Self-doubt is an odd thing. Too much of it can be crushing, and too little of it pathological. Depression and self-doubt go hand in hand, as low moods tend to come with a devastating self-criticism. Society seems to adore unabashed self-confidence, will tolerate arrogance so far as the holder of such egotism has street credentials, and is ashamed of those who through endless introspection see a complicated world in which they are a minor player.
Doubt, particularly of self, it seems, is to be left in a dark corner or overcome at all costs.
Such single-mindedness in the search of confidence, however, overlooks the many benefits that doubt has to offer. Skepticism, for instance, is a cornerstone of scientific inquiry. Only in our doubt do we see a need to test, to retest, and to never be satisfied with the current state of knowledge, ever seeking the next horizon. Doubt and curiosity are bedfellows, as anyone with a passion for learning can attest to. Curiosity is born from the awareness that one does not know something, or that what one knows may be incomplete or suspect. Education is turning this doubt inward, transforming one's lack of knowledge into a pursuit of learning.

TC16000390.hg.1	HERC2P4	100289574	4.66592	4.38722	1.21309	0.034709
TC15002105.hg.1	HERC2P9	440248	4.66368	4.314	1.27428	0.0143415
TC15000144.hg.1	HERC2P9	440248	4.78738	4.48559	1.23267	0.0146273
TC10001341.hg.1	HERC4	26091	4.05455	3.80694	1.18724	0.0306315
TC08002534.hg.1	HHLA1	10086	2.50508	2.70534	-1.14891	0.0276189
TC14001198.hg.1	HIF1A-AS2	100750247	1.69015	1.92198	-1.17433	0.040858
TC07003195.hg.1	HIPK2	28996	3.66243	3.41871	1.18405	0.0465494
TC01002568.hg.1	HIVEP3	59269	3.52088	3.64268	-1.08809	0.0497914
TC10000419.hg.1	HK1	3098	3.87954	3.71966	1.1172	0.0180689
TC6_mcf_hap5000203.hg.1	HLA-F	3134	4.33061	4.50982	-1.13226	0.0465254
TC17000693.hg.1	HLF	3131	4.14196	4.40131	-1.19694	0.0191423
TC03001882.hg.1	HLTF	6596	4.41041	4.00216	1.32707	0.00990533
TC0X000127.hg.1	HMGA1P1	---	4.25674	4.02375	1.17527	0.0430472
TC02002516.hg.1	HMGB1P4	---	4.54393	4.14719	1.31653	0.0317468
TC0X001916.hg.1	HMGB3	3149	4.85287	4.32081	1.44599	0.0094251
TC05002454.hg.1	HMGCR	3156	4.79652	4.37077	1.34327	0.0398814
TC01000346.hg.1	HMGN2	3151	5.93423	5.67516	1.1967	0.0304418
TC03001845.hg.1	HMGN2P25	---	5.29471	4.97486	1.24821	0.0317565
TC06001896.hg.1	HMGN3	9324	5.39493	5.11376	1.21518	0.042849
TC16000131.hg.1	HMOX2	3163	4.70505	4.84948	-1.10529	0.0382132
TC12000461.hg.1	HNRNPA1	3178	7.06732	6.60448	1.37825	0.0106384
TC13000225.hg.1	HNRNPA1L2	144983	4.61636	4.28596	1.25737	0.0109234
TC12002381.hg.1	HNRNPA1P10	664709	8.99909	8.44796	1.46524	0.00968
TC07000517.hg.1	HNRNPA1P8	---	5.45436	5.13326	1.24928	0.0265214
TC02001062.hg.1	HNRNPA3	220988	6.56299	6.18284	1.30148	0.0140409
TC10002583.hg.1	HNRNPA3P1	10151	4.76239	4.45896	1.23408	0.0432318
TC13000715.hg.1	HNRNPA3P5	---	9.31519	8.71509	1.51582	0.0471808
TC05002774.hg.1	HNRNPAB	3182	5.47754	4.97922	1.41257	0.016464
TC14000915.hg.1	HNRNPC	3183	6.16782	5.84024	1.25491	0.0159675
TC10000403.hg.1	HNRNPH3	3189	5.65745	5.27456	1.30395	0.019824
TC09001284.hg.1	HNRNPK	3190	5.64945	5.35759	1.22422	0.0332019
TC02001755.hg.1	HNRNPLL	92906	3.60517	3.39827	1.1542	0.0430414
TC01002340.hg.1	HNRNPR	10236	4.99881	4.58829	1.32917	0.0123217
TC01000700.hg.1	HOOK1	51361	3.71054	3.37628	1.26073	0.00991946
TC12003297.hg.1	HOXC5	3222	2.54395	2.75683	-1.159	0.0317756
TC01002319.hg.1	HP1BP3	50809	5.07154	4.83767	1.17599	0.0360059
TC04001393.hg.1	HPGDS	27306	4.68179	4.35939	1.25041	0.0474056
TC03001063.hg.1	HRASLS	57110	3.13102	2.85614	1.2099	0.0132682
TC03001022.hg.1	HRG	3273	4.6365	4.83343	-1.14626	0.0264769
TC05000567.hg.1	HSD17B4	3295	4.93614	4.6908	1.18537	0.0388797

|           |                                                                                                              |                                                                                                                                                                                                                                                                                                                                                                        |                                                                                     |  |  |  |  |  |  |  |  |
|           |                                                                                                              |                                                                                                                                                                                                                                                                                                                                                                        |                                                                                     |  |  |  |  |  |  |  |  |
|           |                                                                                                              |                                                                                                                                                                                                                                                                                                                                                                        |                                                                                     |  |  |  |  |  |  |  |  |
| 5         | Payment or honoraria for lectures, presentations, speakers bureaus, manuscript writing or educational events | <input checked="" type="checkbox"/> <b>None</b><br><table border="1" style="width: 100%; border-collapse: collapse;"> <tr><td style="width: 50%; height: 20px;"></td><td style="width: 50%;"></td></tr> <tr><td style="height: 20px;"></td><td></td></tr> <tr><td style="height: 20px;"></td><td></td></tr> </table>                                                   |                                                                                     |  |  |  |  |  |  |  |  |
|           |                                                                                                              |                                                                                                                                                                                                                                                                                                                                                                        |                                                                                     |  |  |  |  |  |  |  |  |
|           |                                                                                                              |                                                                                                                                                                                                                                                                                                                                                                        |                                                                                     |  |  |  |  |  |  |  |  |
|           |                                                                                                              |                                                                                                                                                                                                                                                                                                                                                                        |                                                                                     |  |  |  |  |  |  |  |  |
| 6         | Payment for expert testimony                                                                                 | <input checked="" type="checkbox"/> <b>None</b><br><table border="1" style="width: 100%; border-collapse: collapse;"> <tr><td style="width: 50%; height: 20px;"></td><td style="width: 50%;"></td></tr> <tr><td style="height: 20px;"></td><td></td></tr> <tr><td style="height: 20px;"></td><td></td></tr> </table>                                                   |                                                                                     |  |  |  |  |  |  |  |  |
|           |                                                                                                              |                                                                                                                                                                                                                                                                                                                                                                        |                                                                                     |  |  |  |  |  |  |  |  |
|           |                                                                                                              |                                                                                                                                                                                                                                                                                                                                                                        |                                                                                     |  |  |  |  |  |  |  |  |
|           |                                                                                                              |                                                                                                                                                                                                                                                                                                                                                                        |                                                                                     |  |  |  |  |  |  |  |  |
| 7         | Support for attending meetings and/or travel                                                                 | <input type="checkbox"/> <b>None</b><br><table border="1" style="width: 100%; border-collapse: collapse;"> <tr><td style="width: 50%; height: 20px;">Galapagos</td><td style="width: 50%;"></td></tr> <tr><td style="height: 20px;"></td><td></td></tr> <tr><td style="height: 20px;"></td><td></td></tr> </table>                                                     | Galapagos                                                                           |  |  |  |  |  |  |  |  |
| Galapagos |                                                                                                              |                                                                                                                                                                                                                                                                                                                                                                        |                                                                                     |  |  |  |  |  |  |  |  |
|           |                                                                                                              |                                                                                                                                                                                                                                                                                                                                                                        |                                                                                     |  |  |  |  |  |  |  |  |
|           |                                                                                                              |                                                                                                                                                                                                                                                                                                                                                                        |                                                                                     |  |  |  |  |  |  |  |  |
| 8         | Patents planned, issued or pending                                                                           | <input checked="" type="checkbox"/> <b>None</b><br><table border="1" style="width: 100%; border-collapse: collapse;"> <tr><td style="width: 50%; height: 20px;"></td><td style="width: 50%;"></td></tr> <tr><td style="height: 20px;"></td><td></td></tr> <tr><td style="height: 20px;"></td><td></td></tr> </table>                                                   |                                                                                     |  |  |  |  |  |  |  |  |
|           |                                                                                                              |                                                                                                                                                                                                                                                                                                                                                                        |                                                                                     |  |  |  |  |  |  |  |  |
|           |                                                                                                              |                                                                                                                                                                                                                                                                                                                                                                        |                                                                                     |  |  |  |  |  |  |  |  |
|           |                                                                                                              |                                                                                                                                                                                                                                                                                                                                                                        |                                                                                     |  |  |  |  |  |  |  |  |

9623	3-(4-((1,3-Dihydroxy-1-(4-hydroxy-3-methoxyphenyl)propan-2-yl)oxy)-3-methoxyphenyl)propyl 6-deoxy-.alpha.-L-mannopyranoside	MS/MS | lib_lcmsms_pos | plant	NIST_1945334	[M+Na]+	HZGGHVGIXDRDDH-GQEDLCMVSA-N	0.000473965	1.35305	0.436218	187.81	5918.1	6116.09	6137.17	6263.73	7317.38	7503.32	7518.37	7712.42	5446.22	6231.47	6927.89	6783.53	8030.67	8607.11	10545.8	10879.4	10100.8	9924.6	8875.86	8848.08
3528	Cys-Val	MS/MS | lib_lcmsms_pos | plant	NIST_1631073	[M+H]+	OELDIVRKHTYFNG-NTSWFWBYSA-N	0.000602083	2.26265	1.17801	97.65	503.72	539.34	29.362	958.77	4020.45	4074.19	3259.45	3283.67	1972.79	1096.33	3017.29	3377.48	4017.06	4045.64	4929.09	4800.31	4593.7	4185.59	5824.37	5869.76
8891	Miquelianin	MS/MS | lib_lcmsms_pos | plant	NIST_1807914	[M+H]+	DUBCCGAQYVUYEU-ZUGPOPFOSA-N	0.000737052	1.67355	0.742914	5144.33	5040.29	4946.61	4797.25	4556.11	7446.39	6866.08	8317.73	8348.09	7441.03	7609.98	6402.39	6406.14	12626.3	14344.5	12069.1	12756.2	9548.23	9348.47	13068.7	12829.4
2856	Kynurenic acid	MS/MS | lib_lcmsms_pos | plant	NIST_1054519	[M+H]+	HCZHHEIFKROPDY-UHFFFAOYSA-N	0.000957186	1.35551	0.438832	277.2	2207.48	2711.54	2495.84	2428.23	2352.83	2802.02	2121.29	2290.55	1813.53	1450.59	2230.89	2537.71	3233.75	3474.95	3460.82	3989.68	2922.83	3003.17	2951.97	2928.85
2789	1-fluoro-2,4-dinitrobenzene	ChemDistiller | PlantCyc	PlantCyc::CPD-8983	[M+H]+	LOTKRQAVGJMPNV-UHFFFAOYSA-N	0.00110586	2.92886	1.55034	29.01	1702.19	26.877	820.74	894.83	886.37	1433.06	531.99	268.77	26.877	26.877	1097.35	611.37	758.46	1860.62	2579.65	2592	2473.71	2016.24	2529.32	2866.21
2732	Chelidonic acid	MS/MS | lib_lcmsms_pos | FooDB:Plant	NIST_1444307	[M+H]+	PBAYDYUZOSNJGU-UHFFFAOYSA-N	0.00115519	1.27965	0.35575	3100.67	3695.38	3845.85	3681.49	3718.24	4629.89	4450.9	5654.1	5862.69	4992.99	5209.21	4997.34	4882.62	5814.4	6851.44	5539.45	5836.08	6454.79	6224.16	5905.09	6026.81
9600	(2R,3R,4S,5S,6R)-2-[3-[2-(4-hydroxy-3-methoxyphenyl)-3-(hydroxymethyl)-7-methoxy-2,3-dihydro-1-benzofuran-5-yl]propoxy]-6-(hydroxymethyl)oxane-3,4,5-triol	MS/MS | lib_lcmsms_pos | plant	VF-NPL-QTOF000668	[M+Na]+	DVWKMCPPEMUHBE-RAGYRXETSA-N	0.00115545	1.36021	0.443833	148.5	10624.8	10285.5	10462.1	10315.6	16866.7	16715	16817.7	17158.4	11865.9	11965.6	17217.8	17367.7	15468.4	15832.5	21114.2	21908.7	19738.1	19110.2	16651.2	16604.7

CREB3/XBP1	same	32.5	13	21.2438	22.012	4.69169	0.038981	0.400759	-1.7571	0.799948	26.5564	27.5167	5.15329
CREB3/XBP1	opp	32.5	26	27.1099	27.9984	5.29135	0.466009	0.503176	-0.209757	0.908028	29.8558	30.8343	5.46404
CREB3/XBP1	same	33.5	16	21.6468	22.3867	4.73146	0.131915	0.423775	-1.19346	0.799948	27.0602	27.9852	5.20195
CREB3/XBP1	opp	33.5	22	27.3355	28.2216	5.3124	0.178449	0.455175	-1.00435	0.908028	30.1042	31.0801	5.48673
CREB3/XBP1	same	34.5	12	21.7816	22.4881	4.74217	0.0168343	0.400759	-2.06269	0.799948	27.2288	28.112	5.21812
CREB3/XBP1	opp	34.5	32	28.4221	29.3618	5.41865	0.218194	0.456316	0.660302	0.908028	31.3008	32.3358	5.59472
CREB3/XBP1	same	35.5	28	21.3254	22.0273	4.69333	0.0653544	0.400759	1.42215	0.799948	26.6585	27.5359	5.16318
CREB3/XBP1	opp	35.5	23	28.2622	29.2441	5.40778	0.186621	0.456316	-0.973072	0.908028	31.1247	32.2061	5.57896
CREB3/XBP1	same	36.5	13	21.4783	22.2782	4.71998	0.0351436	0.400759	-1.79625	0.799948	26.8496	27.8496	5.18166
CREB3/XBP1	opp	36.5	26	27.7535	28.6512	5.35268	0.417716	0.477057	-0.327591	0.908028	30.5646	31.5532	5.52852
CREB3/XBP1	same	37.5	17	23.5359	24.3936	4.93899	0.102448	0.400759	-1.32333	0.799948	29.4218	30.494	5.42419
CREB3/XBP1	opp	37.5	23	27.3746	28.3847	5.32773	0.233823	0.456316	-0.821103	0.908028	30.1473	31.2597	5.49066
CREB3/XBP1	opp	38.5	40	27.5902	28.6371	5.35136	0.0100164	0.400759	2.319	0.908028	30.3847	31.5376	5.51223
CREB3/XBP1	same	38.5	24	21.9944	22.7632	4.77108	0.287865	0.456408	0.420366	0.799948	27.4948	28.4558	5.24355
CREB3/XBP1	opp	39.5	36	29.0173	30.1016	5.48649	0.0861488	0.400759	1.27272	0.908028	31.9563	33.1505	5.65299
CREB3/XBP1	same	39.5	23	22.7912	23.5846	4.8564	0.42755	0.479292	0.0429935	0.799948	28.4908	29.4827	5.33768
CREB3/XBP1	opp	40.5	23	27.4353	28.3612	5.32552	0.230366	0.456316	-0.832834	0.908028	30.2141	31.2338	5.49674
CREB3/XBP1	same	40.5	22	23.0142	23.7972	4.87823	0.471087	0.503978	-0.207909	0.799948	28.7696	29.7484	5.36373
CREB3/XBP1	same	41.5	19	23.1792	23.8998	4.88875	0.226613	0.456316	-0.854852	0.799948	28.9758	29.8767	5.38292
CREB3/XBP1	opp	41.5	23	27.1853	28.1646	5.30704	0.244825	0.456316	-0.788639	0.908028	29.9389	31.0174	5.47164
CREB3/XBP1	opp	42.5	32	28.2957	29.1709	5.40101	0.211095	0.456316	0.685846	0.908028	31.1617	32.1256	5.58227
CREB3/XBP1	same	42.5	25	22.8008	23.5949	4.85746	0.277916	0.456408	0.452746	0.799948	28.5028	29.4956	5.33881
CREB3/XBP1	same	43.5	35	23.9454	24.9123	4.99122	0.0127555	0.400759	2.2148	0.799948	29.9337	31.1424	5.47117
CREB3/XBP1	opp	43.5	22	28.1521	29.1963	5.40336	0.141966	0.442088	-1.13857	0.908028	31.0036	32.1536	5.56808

In the world of athletics, as another example, self-doubt can keep an athlete ever striving, whereas overconfidence in one's abilities leads to avoidable mistakes. Though celebrity athletes are known for living in hierarchies of competitiveness with unassailable pride, the majority of athletes I have known carry a modesty born from never being convinced of their ability, constantly wondering what else they are capable of. Too little self-doubt can lead to impulsive and hasty action, high-risk taking, and the all too common tragedy of using wealth and fame to achieve an unchecked hedonism that ends in penury. Sufficient self-doubt can keep an athlete in check, and away from the pitfalls of arrogance.
With rheumatoid arthritis, I find that doubt is a balancing act.
Too little doubt in how the disease affects me, and I can overextend myself, bringing stress or fatigue that can worsen the illness. Too much doubt, and I fail to achieve what I am capable of, underestimating my ability and disappointing myself. I believe it is important to dream big, to be daring, and to strive to achieve even with the difficulties of RA. At the same time, it is important to remain realistic, not underestimating the reality of this mercurial disease. Self-doubt can be a painful traveling companion at times, but I certainly would never give it up. It leads to too many valuable insights. One must keep self-doubt at the correct distance. Too close is suffocating, too far and one is lost without guidance.
Has menopause impacted your RA?